I cried on and off for a week about it. I felt paralysed in the bed and it has definitely affected me permanently. That time I went to bed cos she wanted me to go at the same time as her and I obliged her. So now I go to bed only when I can be sure I’ll sleep straight away, or have sex or read something I know will distract me for long enough that my eyes shut without my brain getting a chance to think in inconsequential threads.

      Anyway I wanted to say it’s important in these situations to focus on what you can change within yourself to adapt to your environment, and do your best to differentiate his intent from his procedure – for example he may say he will come to bed in 5 min but won’t come for 40. I don’t know him but I can make a guess, with my knowledge of ADHD, that he fully intends to come there in 5 mins but he gets sidetracked along the way, or he has a poor sense of what 5 mins actually is, or for 8 times he forgot when ‘5 mins ago’ was – in either of these ways he doesn’t intend to do harm. Please remember it, and talk to him, but remember to avoid talking about what he is ‘doing’ – because to him he is acting in a natural way and it’s perhaps the easiest way for him to get to bed. Rather, I suggest, talk to him about the effects on you of his actions and how those effects interfere with your emotions or your routine. There you can meet on a common ground to discuss it, and nobody is being aggressive or defensive. This way he can separate his action from the consequences thereof, and perhaps then he will find a linked solution or compromise. But for him to alter his learned behaviour so that it has zero effect on another human being is almost impossible, trust me – and if he does manage it, it will take so much time and effort it would be much easier for the other person to make the amendment, logically speaking. It’s a pity but this is why so many people with ADHD end up living alone and get lonely. It’s just a pity but it’s reality..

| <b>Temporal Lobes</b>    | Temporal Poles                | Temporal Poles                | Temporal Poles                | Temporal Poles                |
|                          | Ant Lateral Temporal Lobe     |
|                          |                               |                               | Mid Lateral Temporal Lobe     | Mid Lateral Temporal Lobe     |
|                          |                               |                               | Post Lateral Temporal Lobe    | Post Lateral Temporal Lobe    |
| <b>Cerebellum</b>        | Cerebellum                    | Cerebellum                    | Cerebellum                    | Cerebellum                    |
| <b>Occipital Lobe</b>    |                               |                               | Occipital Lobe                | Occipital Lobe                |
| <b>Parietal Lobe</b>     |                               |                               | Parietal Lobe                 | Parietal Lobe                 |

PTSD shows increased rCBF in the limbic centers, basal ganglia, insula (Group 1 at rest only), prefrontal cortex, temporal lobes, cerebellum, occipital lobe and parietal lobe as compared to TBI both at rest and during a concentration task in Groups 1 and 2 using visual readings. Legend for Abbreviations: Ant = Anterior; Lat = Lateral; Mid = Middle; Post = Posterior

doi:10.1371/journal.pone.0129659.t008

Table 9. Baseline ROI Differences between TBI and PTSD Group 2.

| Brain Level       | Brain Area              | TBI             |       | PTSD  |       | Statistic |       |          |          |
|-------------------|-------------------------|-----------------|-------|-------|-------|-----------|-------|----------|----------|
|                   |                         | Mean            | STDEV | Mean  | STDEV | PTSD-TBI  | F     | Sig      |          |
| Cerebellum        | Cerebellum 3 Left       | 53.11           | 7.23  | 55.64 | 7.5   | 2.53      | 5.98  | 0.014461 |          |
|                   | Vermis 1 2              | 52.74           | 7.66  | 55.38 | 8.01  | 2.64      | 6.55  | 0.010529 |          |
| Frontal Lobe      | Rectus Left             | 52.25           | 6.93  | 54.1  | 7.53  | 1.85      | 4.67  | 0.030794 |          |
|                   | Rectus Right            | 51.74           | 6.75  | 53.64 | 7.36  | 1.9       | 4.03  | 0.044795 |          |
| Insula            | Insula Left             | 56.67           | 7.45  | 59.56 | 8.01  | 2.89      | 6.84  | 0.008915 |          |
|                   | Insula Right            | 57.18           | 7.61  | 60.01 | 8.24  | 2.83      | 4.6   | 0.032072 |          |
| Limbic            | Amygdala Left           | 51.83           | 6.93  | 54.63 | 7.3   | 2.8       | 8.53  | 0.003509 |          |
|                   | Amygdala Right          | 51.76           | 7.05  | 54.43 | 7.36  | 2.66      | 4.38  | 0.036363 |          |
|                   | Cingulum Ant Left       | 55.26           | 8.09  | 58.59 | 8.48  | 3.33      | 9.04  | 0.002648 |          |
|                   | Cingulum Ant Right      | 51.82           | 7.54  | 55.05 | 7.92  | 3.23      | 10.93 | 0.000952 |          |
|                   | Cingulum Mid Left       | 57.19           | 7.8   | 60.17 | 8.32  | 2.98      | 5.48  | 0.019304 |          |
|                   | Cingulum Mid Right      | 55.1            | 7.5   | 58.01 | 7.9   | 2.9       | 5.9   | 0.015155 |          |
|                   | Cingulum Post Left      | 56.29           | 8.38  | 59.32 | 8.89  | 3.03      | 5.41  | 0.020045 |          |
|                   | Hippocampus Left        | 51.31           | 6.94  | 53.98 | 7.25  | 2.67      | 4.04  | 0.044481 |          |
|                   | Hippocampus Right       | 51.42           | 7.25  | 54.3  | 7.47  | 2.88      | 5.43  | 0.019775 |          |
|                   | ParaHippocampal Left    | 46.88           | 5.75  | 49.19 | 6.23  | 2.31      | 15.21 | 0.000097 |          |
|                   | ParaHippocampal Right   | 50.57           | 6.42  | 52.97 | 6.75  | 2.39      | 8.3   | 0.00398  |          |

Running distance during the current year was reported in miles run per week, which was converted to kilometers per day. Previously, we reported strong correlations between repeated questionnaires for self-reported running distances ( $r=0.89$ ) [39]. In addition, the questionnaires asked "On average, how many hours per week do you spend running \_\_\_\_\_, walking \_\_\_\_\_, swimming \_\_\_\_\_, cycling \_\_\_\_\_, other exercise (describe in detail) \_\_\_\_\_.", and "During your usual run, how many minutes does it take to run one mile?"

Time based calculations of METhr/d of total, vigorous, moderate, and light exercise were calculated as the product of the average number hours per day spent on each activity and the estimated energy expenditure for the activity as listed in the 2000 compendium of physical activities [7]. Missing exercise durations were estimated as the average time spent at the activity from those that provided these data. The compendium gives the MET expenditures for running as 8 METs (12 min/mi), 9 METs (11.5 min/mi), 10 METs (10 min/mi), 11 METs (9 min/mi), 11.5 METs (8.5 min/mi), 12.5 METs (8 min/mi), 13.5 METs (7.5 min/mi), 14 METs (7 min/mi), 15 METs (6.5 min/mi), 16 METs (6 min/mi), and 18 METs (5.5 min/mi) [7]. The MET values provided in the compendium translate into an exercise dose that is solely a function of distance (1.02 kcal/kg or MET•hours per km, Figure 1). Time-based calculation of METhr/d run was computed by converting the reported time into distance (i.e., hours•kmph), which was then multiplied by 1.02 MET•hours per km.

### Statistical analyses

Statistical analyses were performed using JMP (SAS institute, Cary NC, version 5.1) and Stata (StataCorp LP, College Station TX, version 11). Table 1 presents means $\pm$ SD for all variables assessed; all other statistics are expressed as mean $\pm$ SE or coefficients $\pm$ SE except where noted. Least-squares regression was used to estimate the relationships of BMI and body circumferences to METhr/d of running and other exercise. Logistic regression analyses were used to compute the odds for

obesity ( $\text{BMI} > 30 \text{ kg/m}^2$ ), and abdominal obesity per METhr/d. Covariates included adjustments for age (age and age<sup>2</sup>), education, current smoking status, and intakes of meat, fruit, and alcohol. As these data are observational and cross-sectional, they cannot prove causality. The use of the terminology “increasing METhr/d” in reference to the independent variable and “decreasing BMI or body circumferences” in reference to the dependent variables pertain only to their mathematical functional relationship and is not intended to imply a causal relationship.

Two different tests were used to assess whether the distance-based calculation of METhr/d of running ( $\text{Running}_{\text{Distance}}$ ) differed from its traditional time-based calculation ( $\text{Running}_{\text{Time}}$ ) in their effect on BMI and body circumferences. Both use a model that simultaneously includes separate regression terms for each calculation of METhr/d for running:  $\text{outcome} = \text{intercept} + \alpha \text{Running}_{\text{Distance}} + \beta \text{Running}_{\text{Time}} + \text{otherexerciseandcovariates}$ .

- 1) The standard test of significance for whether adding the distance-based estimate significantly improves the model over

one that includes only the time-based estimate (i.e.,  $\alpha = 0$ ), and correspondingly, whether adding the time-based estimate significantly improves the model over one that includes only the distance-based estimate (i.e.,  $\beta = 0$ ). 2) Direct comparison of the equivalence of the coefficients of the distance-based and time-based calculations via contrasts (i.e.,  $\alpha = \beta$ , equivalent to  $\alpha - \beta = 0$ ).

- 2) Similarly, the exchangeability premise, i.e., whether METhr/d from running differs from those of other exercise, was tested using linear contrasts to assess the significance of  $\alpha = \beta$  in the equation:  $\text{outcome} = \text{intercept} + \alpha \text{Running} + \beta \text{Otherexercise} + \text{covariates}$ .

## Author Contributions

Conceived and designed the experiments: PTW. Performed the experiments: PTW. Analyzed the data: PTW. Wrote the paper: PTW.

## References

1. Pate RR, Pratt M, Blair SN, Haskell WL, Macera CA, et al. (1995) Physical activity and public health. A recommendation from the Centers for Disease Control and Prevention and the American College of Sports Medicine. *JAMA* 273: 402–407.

All the best

    • #99572

      Do you have to share a room? I know it goes against the norm but we had an office/guest space and my husband started sleeping in there when I was sick and snoring. It ended up working out, he’s a super light sleeper and if he is woken up at night it takes him forever to fall back asleep. He doesn’t always sleep in there and of course we still have sex etc but when it comes to sleep it works for us. And I know we aren’t the only ones, I have at least one friend who is open about it and several co-workers. Just because sleeping together is the norm doesn’t mean it has to be YOUR norm.